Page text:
What I saw at the devolution
Memorial Day. A good day to ponder how I ended up here, writing this column and not exactly changing the world. It might surprise some to hear that I decided to become a journalist on a rainy sidewalk in front of an abortion clinic. My son, about 9, was marching with a sign, “My mom chose life.”
A reporter interviewed us. I had a few questions. Any pro-lifers working at the newspaper? Probably not, she answered.
This seemed evidence of the liberal media bias that I’d heard about on right-wing radio. I was a part-time college student and full-time evangelical Protestant. When I wasn’t listening to religious talk shows, I was tuning in to Rush Limbaugh—with self-proclaimed “talent on loan from God.”
In 1992, perched on a kitchen stool next to my yard-sale boom box, I listened to election returns and cried as Bill Clinton beat H.W.
Six years later, I’d earned a bachelor’s degree in journalism and was on my way to becoming a free-thinking nonpartisan. The conversion was slow and painful.
Reporters are exposed to tons of information from multiple perspectives. Ideally, we research issues, interview knowledgeable sources and carefully observe politics in action.
In the mid-1990s, I wrote about conservative luminary Phyllis Schlafly when she came to Reno. Taking cheap digs at Hillary Clinton, Schlafly argued that it does not take a village to raise a child. Accompanying me to the event was a good friend—the woman who babysat my kindergartener so I could attend university classes.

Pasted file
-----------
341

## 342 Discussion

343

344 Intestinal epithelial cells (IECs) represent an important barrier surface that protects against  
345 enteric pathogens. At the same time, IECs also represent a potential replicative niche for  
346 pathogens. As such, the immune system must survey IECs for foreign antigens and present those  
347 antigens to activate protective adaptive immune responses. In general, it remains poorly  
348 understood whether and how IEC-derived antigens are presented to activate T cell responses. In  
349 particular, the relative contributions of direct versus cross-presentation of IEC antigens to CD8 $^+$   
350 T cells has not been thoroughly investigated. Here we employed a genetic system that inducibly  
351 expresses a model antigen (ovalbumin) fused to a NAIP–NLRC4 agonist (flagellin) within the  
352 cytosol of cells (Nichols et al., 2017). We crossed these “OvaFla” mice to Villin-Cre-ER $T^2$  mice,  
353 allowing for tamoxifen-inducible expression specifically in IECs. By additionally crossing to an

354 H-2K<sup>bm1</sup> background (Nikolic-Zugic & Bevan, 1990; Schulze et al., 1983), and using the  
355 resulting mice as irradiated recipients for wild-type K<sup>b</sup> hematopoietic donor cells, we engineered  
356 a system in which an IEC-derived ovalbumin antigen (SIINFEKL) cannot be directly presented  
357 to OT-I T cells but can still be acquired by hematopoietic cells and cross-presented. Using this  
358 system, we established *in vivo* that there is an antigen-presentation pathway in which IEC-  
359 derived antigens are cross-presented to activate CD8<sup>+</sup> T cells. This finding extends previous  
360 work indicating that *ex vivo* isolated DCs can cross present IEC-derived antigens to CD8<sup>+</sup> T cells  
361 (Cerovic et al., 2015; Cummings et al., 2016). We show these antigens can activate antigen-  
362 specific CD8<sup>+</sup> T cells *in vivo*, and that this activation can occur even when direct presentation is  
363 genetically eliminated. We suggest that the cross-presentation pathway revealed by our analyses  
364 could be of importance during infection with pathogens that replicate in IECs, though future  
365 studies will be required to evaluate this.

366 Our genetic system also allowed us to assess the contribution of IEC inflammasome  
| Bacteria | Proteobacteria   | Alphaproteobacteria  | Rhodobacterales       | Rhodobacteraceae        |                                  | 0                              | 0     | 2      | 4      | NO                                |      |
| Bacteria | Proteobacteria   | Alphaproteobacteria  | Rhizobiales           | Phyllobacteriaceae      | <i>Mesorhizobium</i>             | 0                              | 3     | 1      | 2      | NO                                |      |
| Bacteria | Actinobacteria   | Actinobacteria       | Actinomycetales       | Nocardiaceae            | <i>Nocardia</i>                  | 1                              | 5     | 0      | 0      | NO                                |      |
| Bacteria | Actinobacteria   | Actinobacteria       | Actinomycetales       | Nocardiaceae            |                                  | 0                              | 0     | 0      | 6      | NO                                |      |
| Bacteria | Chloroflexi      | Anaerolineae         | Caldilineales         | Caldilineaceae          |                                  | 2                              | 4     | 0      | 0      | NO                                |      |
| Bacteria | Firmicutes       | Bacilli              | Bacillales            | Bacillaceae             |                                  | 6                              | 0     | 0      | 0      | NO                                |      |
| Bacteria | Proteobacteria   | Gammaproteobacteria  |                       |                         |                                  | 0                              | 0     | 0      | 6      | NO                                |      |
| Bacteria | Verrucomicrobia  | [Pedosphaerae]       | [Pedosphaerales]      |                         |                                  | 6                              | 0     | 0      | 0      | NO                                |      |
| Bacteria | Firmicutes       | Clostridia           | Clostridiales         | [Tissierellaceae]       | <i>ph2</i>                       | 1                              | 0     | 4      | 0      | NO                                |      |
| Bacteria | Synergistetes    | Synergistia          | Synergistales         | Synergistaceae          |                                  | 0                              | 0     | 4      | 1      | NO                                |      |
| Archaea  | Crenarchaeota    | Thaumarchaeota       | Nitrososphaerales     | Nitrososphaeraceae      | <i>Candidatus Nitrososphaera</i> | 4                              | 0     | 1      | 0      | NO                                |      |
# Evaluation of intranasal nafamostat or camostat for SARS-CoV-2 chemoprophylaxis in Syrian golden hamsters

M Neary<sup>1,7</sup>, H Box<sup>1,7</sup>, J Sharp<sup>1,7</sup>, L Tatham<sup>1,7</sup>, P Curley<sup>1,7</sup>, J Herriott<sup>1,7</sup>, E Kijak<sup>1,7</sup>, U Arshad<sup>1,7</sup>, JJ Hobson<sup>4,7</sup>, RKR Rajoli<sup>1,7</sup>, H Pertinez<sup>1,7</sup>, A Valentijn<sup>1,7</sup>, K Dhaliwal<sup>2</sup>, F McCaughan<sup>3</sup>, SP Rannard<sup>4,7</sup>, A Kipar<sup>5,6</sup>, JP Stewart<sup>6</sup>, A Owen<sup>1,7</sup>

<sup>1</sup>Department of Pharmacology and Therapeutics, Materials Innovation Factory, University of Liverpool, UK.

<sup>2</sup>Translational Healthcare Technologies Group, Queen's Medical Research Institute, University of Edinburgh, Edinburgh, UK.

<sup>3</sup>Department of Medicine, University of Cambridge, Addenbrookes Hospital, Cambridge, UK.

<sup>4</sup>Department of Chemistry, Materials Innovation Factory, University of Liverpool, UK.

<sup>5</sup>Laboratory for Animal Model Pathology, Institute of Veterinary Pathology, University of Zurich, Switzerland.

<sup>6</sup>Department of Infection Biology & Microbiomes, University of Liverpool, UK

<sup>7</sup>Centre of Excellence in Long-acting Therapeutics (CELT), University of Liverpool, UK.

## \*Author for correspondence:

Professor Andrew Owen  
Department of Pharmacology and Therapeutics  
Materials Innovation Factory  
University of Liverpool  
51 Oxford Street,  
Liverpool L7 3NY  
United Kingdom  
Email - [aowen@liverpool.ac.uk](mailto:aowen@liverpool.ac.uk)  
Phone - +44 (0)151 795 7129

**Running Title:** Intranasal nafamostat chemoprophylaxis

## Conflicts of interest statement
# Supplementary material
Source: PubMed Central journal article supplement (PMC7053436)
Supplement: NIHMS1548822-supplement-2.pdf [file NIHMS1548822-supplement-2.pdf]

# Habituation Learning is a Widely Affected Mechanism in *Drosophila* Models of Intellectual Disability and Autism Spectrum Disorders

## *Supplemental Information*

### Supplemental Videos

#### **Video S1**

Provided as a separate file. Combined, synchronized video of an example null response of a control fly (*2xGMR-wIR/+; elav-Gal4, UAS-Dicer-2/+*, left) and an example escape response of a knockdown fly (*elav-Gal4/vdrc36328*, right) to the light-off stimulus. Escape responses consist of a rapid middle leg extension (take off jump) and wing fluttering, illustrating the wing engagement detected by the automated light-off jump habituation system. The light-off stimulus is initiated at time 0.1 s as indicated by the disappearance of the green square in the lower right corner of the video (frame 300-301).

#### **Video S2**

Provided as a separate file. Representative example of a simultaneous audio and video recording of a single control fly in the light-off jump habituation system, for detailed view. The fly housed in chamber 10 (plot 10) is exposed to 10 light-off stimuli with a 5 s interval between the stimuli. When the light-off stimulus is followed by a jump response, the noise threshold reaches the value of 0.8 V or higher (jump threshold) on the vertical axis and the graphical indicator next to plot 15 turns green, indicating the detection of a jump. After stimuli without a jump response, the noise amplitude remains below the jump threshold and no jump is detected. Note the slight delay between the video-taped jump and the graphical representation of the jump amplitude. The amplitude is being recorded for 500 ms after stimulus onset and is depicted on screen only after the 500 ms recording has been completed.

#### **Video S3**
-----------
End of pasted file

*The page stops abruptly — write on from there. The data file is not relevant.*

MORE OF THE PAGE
My first trip to the Nevada Legislature was an eye-opener. After watching Republican lawmakers hobnob with corporate lobbyists for hours, I felt polluted, unable to write a story. Instead of going back to the office, I headed to the Washoe County Registrar of Voters Office and changed my party affiliation from Republican to nonpartisan.
When George W. was elected the first time around, it wasn’t the end of my world. I’d been punching the ballot for Ralph Nader and the Greens—voting “my hopes and not my fears.”
I wrote about Nevada’s Marriage Protection initiative and tried to interview a conservative who didn’t sound intolerant and self-righteous. I couldn’t find one.
Then 9/11. Congress passed the USA Patriot Act, and instead of going after al Qaeda with the support of the indignant world, we were bombing civilian weddings in Afghanistan, imprisoning people without trials at Guantánamo and futilely looking for weapons of mass destruction in Iraq. Not to mention outsourcing torture.
Rich Americans got tax cuts, and the poor got the shaft. Fewer Americans had health insurance. Jobs went overseas. Housing costs soared. Wages stagnated. No Child Left Behind made education more about testing than learning. Nuke and oil moguls crafted the administration’s energy policy. Loggers were put in charge of national forests. Federal abstinence programs stopped teaching teens about birth control.
Media bias? How about the 24/7 news channels’ warmongering and pesky insistence that we’re the Good Guys? Stories like the Downing Street memo got play overseas—but U.S. mainstream media find boring any attempt to hold elected officials accountable for troubles that don’t involve an intern and a cigar.
Friends and family members don’t see this. To them, the War on Terror keeps Americans safe at night. So what if conservatives bend ethics rules? Right-wing lawmakers protect the “institution” of marriage and work ’round the clock to save the lives of innocents like Terri Schiavo. (A local pro-lifer e-mailed me in March: “The misreporting is just pathetic and unprofessional. There’s a lust for death.”)
I knew where they were coming from, but that doesn’t matter. I’m part of the liberal media, never to be trusted again.
Maybe I need a radio show. Or, better, a blog.